Amanda Knox was given food and drink on 5 November 2007. She admitted this when she testified at the trial.

    All the witnesses who were present when Knox was questioned, including her interpreter, testified under oath that she was treated well and wasn't hit.

    The judges and jury had to decide whether to believe the corroborative testimony of numerous upstanding witnesses or the word of a compulsive liar who had lied repeatedly. It would have been a very easy decision to make.

  • LondonSupporter

    Harry Rag, I suggest you read the following (from Injustice in Perugia):

    "Later in the morning of November 6th, 2007, Amanda hand wrote a letter explaining the interrogation.

    Amanda Wrote: "In regards to this "confession" that I made last night, I want to make it clear that I'm very doubtful of the verity of my statements because they were made under the pressures of stress, shock and extreme exhaustion."

    Amanda was very confused and she was scared. This did not seem to matter to the police. Amanda's illegal interrogation gave them the information they wanted.

    As soon as they got Amanda to tell them what they wanted to hear, they went out and arrested Patrick Lumumba with no further questions asked. As it turned out, Patrick was innocent.

    Amanda's statements about Patrick were completely unreliable. Amanda tried to explain to the police that her statements were made during a time of stress, shock and extreme exhaustion and she didn't believe them to be true. After all, she was only repeating what the Interrogators told her to say. At the time, the police simply didn't care."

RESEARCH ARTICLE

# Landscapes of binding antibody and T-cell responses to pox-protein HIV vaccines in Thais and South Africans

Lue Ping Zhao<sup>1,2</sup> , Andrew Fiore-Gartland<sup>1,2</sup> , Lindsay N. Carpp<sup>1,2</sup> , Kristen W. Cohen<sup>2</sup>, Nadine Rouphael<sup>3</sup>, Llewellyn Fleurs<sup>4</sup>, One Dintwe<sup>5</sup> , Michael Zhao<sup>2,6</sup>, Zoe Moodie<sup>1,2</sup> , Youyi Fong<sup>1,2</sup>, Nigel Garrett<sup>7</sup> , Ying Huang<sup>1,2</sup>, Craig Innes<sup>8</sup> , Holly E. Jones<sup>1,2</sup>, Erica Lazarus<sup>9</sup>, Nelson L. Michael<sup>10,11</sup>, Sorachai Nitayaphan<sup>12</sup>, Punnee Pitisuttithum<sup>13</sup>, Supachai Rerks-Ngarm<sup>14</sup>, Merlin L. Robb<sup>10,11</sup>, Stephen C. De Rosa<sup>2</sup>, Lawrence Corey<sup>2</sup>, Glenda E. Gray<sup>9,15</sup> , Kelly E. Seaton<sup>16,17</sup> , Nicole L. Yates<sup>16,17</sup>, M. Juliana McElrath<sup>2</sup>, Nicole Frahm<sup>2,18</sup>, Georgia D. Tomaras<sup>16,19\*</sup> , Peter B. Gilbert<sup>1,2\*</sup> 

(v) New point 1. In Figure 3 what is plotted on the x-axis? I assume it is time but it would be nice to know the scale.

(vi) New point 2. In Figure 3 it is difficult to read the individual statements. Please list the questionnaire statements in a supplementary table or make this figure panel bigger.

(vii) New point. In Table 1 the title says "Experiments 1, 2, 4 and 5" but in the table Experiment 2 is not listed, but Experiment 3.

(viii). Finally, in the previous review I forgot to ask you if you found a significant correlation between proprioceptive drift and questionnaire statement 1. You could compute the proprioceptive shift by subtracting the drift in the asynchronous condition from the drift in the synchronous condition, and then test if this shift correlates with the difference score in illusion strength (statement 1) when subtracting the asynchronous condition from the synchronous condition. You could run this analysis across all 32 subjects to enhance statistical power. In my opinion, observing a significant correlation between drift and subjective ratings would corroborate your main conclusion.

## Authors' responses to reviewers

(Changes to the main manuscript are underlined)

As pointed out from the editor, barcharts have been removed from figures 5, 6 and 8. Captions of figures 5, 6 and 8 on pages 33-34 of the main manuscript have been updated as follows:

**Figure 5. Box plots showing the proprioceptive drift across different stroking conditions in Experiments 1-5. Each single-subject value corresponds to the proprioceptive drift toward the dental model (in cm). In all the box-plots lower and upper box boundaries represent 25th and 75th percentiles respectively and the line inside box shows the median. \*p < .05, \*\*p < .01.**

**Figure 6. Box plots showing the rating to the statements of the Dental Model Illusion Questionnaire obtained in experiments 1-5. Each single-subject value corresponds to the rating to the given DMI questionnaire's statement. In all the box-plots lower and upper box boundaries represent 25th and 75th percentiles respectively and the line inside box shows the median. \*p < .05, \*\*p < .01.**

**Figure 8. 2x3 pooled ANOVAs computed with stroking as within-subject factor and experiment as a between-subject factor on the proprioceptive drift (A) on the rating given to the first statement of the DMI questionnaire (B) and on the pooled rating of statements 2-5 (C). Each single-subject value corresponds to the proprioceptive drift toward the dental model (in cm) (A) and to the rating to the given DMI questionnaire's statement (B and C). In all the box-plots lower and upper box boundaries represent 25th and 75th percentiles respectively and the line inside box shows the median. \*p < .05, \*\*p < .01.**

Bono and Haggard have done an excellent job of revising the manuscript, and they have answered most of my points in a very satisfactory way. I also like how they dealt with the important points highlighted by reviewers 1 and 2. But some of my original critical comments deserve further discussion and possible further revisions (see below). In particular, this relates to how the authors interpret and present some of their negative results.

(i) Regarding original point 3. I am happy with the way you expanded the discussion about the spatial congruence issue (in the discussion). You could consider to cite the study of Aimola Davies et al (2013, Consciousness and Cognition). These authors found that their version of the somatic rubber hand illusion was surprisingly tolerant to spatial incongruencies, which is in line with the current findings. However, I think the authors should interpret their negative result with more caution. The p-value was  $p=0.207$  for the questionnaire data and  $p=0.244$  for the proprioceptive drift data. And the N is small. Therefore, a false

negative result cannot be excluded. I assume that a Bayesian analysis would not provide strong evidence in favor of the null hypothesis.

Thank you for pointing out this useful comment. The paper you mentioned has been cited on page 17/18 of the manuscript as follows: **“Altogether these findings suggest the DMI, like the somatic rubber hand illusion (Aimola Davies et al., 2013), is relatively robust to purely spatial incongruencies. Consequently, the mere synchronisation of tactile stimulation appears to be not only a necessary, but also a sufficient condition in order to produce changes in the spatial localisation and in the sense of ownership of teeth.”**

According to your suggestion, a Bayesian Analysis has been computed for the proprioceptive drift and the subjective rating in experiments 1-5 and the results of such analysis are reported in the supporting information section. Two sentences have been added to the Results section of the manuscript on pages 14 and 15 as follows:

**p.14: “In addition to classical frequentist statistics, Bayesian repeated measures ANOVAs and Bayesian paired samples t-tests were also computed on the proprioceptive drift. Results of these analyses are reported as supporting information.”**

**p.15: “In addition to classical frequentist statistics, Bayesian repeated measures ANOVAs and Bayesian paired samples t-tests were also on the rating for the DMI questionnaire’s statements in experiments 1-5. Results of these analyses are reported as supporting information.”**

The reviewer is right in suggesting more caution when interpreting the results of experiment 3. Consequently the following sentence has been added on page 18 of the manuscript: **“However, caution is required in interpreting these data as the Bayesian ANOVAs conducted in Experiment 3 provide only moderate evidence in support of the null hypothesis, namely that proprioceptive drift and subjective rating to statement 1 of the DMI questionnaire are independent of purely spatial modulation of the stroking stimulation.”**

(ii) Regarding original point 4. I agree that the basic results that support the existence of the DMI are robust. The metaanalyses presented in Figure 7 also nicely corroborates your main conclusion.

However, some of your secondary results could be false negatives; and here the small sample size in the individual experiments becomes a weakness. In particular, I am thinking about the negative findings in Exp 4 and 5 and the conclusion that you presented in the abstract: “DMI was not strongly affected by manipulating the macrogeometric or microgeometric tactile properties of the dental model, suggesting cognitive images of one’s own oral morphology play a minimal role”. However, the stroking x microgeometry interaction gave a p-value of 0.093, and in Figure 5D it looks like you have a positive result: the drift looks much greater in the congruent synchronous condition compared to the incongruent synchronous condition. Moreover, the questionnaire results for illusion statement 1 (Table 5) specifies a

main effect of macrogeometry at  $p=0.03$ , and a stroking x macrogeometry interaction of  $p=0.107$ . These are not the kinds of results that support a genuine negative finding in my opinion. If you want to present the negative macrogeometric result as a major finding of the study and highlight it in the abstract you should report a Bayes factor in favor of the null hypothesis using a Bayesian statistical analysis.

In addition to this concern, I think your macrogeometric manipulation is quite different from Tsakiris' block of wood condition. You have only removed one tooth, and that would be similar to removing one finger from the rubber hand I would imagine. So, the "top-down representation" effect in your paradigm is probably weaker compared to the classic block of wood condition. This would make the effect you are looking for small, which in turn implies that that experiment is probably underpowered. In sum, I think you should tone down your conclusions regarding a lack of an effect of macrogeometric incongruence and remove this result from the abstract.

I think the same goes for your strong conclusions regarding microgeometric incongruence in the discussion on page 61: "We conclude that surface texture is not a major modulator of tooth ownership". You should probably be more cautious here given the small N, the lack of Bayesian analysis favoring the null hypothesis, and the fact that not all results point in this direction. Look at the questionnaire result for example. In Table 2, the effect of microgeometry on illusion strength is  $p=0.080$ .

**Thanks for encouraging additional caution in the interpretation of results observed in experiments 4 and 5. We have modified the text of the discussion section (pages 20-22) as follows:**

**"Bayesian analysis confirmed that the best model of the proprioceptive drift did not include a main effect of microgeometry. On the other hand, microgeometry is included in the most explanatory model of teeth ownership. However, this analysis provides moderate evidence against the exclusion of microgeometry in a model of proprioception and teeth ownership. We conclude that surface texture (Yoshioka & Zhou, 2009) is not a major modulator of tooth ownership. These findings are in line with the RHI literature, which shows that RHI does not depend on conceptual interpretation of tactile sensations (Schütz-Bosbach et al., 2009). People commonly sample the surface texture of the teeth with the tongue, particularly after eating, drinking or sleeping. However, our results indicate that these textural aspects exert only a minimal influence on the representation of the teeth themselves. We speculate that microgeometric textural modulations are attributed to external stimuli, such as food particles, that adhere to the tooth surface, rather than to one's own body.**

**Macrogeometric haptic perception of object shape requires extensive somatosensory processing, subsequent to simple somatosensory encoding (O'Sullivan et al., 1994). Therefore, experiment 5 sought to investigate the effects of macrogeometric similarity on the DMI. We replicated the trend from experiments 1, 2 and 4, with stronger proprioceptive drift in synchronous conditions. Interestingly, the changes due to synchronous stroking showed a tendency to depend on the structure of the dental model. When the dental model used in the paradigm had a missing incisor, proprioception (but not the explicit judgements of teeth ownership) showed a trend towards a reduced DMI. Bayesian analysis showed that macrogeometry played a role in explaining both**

It's called coercion. You can get anyone to say anything if you interrogate them for long enough, with enough people, without food, drink or toilet facilities and bash them on the head.

    ______________________________

    Harry, you seem to be flip-flopping. You think she's guilty now, do you? On August 16th at the First Post website, you said she was innocent (quote):

    "I've reviewed all the information available about this case and I have no doubt Amanda Knox and Raffaele Sollecito are both innocent and they will be acquitted following their appeals. For the facts and crime scene photos Google injusticeinperugia or for rubbish see perugiamurderlies/files